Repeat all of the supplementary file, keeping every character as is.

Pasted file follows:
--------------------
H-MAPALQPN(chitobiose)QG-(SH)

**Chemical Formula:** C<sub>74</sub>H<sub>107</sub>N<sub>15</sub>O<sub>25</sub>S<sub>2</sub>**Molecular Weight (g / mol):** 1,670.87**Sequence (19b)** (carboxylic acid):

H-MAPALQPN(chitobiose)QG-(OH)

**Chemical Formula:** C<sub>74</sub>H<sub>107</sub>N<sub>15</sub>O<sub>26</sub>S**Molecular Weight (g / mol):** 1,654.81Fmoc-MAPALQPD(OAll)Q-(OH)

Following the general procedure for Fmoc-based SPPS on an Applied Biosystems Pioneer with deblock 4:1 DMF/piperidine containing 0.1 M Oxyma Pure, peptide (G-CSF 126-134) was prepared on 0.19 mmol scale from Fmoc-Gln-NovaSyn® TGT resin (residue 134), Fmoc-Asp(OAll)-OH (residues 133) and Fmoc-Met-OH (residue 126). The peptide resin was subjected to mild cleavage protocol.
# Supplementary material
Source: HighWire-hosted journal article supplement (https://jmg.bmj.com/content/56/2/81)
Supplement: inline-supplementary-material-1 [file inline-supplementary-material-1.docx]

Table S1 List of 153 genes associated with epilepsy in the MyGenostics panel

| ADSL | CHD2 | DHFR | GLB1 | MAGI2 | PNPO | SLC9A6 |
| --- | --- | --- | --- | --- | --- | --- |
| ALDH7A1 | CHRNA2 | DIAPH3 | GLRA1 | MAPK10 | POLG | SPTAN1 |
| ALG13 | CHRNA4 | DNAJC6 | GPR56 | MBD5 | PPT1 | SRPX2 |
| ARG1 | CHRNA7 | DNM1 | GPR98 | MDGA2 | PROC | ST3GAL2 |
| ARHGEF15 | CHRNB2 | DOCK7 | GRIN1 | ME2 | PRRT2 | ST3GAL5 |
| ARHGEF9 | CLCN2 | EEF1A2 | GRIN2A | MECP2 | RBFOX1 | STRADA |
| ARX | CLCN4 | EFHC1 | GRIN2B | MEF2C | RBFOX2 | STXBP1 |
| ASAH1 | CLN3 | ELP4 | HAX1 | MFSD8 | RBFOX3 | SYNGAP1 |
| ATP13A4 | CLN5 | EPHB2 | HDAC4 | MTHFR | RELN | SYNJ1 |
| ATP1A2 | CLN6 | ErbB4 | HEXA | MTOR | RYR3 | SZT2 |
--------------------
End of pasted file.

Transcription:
H-MAPALQPN(chitobiose)QG-(SH)

**Chemical Formula:** C<sub>74</sub>H<sub>107</sub>N<sub>15</sub>O<sub>25</sub>S<sub>2</sub>**Molecular Weight (g / mol):** 1,670.87**Sequence (19b)** (carboxylic acid):

H-MAPALQPN(chitobiose)QG-(OH)

**Chemical Formula:** C<sub>74</sub>H<sub>107</sub>N<sub>15</sub>O<sub>26</sub>S**Molecular Weight (g / mol):** 1,654.81Fmoc-MAPALQPD(OAll)Q-(OH)

Following the general procedure for Fmoc-based SPPS on an Applied Biosystems Pioneer with deblock 4:1 DMF/piperidine containing 0.1 M Oxyma Pure, peptide (G-CSF 126-134) was prepared on 0.19 mmol scale from Fmoc-Gln-NovaSyn® TGT resin (residue 134), Fmoc-Asp(OAll)-OH (residues 133) and Fmoc-Met-OH (residue 126). The peptide resin was subjected to mild cleavage protocol.
# Supplementary material
Source: HighWire-hosted journal article supplement (https://jmg.bmj.com/content/56/2/81)
Supplement: inline-supplementary-material-1 [file inline-supplementary-material-1.docx]

Table S1 List of 153 genes associated with epilepsy in the MyGenostics panel

| ADSL | CHD2 | DHFR | GLB1 | MAGI2 | PNPO | SLC9A6 |
| --- | --- | --- | --- | --- | --- | --- |
| ALDH7A1 | CHRNA2 | DIAPH3 | GLRA1 | MAPK10 | POLG | SPTAN1 |
| ALG13 | CHRNA4 | DNAJC6 | GPR56 | MBD5 | PPT1 | SRPX2 |
| ARG1 | CHRNA7 | DNM1 | GPR98 | MDGA2 | PROC | ST3GAL2 |
| ARHGEF15 | CHRNB2 | DOCK7 | GRIN1 | ME2 | PRRT2 | ST3GAL5 |
| ARHGEF9 | CLCN2 | EEF1A2 | GRIN2A | MECP2 | RBFOX1 | STRADA |
| ARX | CLCN4 | EFHC1 | GRIN2B | MEF2C | RBFOX2 | STXBP1 |
| ASAH1 | CLN3 | ELP4 | HAX1 | MFSD8 | RBFOX3 | SYNGAP1 |
| ATP13A4 | CLN5 | EPHB2 | HDAC4 | MTHFR | RELN | SYNJ1 |
| ATP1A2 | CLN6 | ErbB4 | HEXA | MTOR | RYR3 | SZT2 |